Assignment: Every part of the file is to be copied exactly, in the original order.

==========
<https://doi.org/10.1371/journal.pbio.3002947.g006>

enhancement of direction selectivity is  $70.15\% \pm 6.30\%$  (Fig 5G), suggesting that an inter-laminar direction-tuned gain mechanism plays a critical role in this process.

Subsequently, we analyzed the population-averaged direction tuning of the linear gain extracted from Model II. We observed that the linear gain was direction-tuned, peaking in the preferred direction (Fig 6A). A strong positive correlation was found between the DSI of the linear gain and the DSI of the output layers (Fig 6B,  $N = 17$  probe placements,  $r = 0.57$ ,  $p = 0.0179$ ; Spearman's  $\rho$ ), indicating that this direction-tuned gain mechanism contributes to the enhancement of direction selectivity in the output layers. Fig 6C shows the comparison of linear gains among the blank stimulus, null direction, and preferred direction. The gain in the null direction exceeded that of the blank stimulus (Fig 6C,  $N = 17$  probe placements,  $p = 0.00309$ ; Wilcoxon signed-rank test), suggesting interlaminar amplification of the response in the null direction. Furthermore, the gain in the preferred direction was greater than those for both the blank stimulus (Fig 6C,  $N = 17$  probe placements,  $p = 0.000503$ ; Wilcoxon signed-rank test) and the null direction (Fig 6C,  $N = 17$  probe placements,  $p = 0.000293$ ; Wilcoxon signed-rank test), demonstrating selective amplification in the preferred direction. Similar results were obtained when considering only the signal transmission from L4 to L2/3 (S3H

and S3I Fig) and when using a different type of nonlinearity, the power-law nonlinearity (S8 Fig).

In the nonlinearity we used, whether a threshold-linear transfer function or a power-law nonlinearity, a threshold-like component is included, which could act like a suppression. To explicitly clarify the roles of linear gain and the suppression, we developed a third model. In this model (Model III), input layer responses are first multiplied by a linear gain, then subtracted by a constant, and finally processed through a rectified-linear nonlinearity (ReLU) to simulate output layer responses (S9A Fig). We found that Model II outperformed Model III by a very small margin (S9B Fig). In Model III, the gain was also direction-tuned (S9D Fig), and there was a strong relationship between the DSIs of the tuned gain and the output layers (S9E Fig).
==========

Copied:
<https://doi.org/10.1371/journal.pbio.3002947.g006>

enhancement of direction selectivity is  $70.15\% \pm 6.30\%$  (Fig 5G), suggesting that an inter-laminar direction-tuned gain mechanism plays a critical role in this process.

Subsequently, we analyzed the population-averaged direction tuning of the linear gain extracted from Model II. We observed that the linear gain was direction-tuned, peaking in the preferred direction (Fig 6A). A strong positive correlation was found between the DSI of the linear gain and the DSI of the output layers (Fig 6B,  $N = 17$  probe placements,  $r = 0.57$ ,  $p = 0.0179$ ; Spearman's  $\rho$ ), indicating that this direction-tuned gain mechanism contributes to the enhancement of direction selectivity in the output layers. Fig 6C shows the comparison of linear gains among the blank stimulus, null direction, and preferred direction. The gain in the null direction exceeded that of the blank stimulus (Fig 6C,  $N = 17$  probe placements,  $p = 0.00309$ ; Wilcoxon signed-rank test), suggesting interlaminar amplification of the response in the null direction. Furthermore, the gain in the preferred direction was greater than those for both the blank stimulus (Fig 6C,  $N = 17$  probe placements,  $p = 0.000503$ ; Wilcoxon signed-rank test) and the null direction (Fig 6C,  $N = 17$  probe placements,  $p = 0.000293$ ; Wilcoxon signed-rank test), demonstrating selective amplification in the preferred direction. Similar results were obtained when considering only the signal transmission from L4 to L2/3 (S3H

and S3I Fig) and when using a different type of nonlinearity, the power-law nonlinearity (S8 Fig).

In the nonlinearity we used, whether a threshold-linear transfer function or a power-law nonlinearity, a threshold-like component is included, which could act like a suppression. To explicitly clarify the roles of linear gain and the suppression, we developed a third model. In this model (Model III), input layer responses are first multiplied by a linear gain, then subtracted by a constant, and finally processed through a rectified-linear nonlinearity (ReLU) to simulate output layer responses (S9A Fig). We found that Model II outperformed Model III by a very small margin (S9B Fig). In Model III, the gain was also direction-tuned (S9D Fig), and there was a strong relationship between the DSIs of the tuned gain and the output layers (S9E Fig).